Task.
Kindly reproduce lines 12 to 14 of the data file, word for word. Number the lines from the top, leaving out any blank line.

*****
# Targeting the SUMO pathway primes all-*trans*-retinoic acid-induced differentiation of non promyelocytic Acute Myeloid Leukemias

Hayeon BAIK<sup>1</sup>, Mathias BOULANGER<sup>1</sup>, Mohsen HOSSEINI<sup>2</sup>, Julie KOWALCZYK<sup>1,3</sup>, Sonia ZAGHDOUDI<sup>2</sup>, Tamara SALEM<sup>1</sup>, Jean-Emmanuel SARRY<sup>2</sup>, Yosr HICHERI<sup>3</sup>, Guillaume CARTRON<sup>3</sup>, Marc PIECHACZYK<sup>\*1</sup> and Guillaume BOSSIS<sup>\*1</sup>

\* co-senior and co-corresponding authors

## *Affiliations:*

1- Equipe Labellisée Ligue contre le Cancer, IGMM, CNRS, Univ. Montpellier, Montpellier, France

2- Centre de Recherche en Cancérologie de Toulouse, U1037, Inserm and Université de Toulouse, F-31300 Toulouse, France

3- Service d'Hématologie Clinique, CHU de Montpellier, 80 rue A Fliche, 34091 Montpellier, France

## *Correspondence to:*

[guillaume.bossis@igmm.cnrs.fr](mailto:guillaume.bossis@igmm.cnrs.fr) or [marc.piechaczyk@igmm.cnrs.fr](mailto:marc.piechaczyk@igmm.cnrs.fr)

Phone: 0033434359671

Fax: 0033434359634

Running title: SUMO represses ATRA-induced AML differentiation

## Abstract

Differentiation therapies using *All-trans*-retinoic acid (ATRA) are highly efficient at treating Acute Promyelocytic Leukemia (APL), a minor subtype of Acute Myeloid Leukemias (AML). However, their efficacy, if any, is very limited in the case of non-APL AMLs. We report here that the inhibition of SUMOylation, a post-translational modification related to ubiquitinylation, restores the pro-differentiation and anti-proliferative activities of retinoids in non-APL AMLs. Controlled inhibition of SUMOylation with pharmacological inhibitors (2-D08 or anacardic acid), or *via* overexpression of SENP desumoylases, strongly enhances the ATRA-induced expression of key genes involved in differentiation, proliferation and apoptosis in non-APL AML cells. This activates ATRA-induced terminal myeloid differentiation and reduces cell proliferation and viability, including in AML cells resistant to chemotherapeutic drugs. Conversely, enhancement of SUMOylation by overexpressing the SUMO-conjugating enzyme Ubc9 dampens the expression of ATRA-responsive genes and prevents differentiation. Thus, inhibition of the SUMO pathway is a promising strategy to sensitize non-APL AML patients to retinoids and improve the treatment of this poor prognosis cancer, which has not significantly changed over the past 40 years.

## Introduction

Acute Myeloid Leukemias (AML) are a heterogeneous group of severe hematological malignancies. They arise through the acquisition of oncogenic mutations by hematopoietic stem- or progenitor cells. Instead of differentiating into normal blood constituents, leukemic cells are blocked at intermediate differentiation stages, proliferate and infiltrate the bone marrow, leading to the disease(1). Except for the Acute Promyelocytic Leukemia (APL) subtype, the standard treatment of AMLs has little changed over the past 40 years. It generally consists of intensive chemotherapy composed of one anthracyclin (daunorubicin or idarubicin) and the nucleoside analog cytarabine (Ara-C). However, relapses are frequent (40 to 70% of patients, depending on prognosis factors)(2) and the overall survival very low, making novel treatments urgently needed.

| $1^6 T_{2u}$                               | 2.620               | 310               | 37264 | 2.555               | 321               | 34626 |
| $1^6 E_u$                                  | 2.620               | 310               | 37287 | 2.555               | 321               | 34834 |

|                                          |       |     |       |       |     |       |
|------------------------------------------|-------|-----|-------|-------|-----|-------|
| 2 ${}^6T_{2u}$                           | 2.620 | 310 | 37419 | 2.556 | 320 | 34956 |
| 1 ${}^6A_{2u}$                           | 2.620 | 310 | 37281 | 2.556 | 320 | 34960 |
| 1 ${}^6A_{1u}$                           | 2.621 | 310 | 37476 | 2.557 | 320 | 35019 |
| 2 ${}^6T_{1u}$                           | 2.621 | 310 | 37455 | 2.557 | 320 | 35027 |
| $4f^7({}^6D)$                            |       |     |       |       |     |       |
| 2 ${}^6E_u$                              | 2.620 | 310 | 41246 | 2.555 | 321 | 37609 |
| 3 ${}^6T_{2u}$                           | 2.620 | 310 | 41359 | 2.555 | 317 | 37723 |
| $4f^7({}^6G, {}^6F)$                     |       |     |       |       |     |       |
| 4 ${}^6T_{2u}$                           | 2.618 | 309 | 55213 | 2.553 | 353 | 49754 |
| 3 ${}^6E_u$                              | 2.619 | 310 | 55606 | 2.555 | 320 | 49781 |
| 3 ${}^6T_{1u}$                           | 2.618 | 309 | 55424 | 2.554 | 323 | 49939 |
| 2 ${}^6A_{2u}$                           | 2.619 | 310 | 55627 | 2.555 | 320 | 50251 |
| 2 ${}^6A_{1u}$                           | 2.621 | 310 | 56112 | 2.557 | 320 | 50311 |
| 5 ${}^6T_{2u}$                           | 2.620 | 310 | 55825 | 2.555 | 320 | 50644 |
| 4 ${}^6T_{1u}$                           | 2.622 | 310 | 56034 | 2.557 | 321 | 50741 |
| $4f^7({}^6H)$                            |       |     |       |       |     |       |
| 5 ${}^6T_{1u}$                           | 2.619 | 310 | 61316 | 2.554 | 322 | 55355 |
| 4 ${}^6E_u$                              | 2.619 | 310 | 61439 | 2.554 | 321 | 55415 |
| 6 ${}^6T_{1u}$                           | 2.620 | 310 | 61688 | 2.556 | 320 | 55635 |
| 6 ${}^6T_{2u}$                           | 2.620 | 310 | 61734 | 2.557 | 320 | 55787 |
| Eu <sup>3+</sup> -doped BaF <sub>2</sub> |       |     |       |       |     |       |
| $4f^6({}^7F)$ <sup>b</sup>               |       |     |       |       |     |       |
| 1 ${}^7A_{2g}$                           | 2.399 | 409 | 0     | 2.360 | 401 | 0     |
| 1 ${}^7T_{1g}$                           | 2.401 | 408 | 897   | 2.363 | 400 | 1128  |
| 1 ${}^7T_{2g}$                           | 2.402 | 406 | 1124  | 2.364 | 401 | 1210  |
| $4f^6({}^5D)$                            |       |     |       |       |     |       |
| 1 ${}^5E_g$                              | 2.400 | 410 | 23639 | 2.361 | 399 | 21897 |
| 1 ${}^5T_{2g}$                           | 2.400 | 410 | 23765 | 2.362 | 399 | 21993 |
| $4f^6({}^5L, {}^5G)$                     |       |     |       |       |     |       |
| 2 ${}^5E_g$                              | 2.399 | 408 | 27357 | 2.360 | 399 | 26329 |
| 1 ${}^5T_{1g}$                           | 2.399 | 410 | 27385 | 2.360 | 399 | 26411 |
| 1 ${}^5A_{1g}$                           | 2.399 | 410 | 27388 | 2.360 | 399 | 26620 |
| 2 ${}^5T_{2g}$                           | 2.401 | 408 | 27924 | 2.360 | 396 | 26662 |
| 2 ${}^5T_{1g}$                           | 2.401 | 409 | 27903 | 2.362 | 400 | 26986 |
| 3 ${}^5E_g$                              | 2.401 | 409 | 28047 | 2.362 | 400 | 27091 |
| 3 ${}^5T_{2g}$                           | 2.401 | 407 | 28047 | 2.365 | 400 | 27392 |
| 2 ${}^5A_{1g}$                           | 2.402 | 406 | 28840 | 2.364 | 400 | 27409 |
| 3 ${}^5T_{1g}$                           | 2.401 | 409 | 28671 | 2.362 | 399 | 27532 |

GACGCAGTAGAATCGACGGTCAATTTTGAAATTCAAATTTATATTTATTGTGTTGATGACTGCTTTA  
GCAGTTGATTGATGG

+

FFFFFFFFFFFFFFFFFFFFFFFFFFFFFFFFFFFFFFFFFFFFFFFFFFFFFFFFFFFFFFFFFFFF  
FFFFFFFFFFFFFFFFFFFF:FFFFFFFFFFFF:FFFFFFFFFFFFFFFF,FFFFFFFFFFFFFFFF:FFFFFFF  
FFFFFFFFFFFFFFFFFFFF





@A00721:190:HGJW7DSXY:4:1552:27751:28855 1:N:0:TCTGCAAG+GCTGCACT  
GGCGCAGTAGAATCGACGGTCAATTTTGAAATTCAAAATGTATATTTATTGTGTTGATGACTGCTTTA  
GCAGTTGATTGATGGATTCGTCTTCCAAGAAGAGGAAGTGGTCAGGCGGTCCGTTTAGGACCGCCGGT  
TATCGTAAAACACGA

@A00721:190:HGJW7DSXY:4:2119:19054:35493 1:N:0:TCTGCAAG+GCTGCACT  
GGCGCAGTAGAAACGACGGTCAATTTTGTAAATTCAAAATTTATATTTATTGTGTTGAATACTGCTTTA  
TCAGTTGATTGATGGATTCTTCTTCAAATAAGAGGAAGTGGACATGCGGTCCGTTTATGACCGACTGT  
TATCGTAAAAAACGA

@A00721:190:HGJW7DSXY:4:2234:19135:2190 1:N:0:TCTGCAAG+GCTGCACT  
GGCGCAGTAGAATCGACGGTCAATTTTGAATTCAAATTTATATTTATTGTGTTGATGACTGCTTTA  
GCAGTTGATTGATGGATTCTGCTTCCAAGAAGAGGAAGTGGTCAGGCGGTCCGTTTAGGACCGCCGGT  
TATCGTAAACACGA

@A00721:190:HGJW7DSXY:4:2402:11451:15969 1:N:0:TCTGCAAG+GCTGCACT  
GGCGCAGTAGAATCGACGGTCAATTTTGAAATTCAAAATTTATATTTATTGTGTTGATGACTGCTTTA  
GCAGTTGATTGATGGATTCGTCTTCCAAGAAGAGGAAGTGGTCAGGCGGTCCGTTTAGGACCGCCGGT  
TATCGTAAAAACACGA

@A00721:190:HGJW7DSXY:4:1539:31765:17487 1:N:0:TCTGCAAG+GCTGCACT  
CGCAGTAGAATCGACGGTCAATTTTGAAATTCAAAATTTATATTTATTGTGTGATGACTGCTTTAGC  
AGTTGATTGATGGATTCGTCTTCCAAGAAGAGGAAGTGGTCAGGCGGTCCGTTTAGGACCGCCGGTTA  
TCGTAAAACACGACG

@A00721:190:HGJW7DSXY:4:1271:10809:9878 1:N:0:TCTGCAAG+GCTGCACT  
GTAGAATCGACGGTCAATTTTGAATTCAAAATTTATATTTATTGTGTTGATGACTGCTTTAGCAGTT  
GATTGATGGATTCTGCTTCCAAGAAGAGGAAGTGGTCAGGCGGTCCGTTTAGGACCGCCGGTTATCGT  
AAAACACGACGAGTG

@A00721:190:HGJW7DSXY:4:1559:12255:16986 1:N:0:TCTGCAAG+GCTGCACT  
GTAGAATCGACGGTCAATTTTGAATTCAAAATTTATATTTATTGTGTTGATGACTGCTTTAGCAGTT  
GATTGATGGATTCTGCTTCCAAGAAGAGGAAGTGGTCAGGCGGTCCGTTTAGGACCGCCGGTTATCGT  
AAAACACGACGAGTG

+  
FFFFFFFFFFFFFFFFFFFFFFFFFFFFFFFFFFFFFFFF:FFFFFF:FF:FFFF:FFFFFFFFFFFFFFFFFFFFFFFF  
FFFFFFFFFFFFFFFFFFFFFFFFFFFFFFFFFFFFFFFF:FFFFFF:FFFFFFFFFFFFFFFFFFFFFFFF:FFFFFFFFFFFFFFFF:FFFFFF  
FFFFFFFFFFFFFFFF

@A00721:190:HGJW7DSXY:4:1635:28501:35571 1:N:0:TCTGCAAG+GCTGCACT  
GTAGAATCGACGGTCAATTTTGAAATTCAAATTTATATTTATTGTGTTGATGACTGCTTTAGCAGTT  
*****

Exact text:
Running title: SUMO represses ATRA-induced AML differentiation

## Abstract

Differentiation therapies using *All-trans*-retinoic acid (ATRA) are highly efficient at treating Acute Promyelocytic Leukemia (APL), a minor subtype of Acute Myeloid Leukemias (AML). However, their efficacy, if any, is very limited in the case of non-APL AMLs. We report here that the inhibition of SUMOylation, a post-translational modification related to ubiquitinylation, restores the pro-differentiation and anti-proliferative activities of retinoids in non-APL AMLs. Controlled inhibition of SUMOylation with pharmacological inhibitors (2-D08 or anacardic acid), or *via* overexpression of SENP desumoylases, strongly enhances the ATRA-induced expression of key genes involved in differentiation, proliferation and apoptosis in non-APL AML cells. This activates ATRA-induced terminal myeloid differentiation and reduces cell proliferation and viability, including in AML cells resistant to chemotherapeutic drugs. Conversely, enhancement of SUMOylation by overexpressing the SUMO-conjugating enzyme Ubc9 dampens the expression of ATRA-responsive genes and prevents differentiation. Thus, inhibition of the SUMO pathway is a promising strategy to sensitize non-APL AML patients to retinoids and improve the treatment of this poor prognosis cancer, which has not significantly changed over the past 40 years.